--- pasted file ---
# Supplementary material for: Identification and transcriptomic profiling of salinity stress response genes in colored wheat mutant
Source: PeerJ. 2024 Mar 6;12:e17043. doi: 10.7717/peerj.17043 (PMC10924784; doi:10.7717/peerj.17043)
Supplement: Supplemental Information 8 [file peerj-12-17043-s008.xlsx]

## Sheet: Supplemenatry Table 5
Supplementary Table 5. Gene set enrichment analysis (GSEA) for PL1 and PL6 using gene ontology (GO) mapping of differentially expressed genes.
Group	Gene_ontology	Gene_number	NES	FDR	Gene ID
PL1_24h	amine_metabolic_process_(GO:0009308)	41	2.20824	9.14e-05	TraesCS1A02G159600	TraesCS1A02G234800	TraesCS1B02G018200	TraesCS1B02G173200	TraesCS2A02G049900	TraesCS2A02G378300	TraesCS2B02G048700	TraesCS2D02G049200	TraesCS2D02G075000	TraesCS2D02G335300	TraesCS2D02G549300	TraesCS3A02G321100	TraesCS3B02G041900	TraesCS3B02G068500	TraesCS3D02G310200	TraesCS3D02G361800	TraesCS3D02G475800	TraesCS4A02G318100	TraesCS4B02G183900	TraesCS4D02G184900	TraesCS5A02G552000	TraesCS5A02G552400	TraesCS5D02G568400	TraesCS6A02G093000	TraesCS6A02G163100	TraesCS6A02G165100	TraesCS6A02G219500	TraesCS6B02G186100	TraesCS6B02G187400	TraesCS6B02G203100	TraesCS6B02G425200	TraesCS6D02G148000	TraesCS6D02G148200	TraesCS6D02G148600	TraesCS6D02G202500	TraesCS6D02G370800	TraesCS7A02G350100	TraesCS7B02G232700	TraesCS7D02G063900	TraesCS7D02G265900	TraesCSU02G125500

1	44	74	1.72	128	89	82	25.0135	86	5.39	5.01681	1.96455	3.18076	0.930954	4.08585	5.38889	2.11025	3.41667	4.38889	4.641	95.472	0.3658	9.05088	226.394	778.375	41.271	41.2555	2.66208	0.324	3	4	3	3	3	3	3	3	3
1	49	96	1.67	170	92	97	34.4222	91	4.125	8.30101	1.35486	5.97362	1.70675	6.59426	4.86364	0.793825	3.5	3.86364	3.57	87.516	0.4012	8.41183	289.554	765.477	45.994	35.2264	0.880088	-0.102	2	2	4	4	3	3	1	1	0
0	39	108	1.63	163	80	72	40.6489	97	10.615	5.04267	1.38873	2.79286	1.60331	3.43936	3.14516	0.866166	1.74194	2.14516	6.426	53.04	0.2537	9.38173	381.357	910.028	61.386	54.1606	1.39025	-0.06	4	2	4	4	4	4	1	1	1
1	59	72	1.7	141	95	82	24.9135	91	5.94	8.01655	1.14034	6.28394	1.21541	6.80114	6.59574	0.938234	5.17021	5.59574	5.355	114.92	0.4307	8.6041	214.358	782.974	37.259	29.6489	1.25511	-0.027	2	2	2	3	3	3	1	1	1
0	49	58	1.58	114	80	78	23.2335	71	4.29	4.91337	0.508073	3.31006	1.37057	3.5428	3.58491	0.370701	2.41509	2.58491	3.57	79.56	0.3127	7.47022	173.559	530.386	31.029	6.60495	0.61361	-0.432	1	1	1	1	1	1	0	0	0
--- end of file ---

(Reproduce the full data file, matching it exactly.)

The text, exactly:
# Supplementary material for: Identification and transcriptomic profiling of salinity stress response genes in colored wheat mutant
Source: PeerJ. 2024 Mar 6;12:e17043. doi: 10.7717/peerj.17043 (PMC10924784; doi:10.7717/peerj.17043)
Supplement: Supplemental Information 8 [file peerj-12-17043-s008.xlsx]

## Sheet: Supplemenatry Table 5
Supplementary Table 5. Gene set enrichment analysis (GSEA) for PL1 and PL6 using gene ontology (GO) mapping of differentially expressed genes.
Group	Gene_ontology	Gene_number	NES	FDR	Gene ID
PL1_24h	amine_metabolic_process_(GO:0009308)	41	2.20824	9.14e-05	TraesCS1A02G159600	TraesCS1A02G234800	TraesCS1B02G018200	TraesCS1B02G173200	TraesCS2A02G049900	TraesCS2A02G378300	TraesCS2B02G048700	TraesCS2D02G049200	TraesCS2D02G075000	TraesCS2D02G335300	TraesCS2D02G549300	TraesCS3A02G321100	TraesCS3B02G041900	TraesCS3B02G068500	TraesCS3D02G310200	TraesCS3D02G361800	TraesCS3D02G475800	TraesCS4A02G318100	TraesCS4B02G183900	TraesCS4D02G184900	TraesCS5A02G552000	TraesCS5A02G552400	TraesCS5D02G568400	TraesCS6A02G093000	TraesCS6A02G163100	TraesCS6A02G165100	TraesCS6A02G219500	TraesCS6B02G186100	TraesCS6B02G187400	TraesCS6B02G203100	TraesCS6B02G425200	TraesCS6D02G148000	TraesCS6D02G148200	TraesCS6D02G148600	TraesCS6D02G202500	TraesCS6D02G370800	TraesCS7A02G350100	TraesCS7B02G232700	TraesCS7D02G063900	TraesCS7D02G265900	TraesCSU02G125500

1	44	74	1.72	128	89	82	25.0135	86	5.39	5.01681	1.96455	3.18076	0.930954	4.08585	5.38889	2.11025	3.41667	4.38889	4.641	95.472	0.3658	9.05088	226.394	778.375	41.271	41.2555	2.66208	0.324	3	4	3	3	3	3	3	3	3
1	49	96	1.67	170	92	97	34.4222	91	4.125	8.30101	1.35486	5.97362	1.70675	6.59426	4.86364	0.793825	3.5	3.86364	3.57	87.516	0.4012	8.41183	289.554	765.477	45.994	35.2264	0.880088	-0.102	2	2	4	4	3	3	1	1	0
0	39	108	1.63	163	80	72	40.6489	97	10.615	5.04267	1.38873	2.79286	1.60331	3.43936	3.14516	0.866166	1.74194	2.14516	6.426	53.04	0.2537	9.38173	381.357	910.028	61.386	54.1606	1.39025	-0.06	4	2	4	4	4	4	1	1	1
1	59	72	1.7	141	95	82	24.9135	91	5.94	8.01655	1.14034	6.28394	1.21541	6.80114	6.59574	0.938234	5.17021	5.59574	5.355	114.92	0.4307	8.6041	214.358	782.974	37.259	29.6489	1.25511	-0.027	2	2	2	3	3	3	1	1	1
0	49	58	1.58	114	80	78	23.2335	71	4.29	4.91337	0.508073	3.31006	1.37057	3.5428	3.58491	0.370701	2.41509	2.58491	3.57	79.56	0.3127	7.47022	173.559	530.386	31.029	6.60495	0.61361	-0.432	1	1	1	1	1	1	0	0	0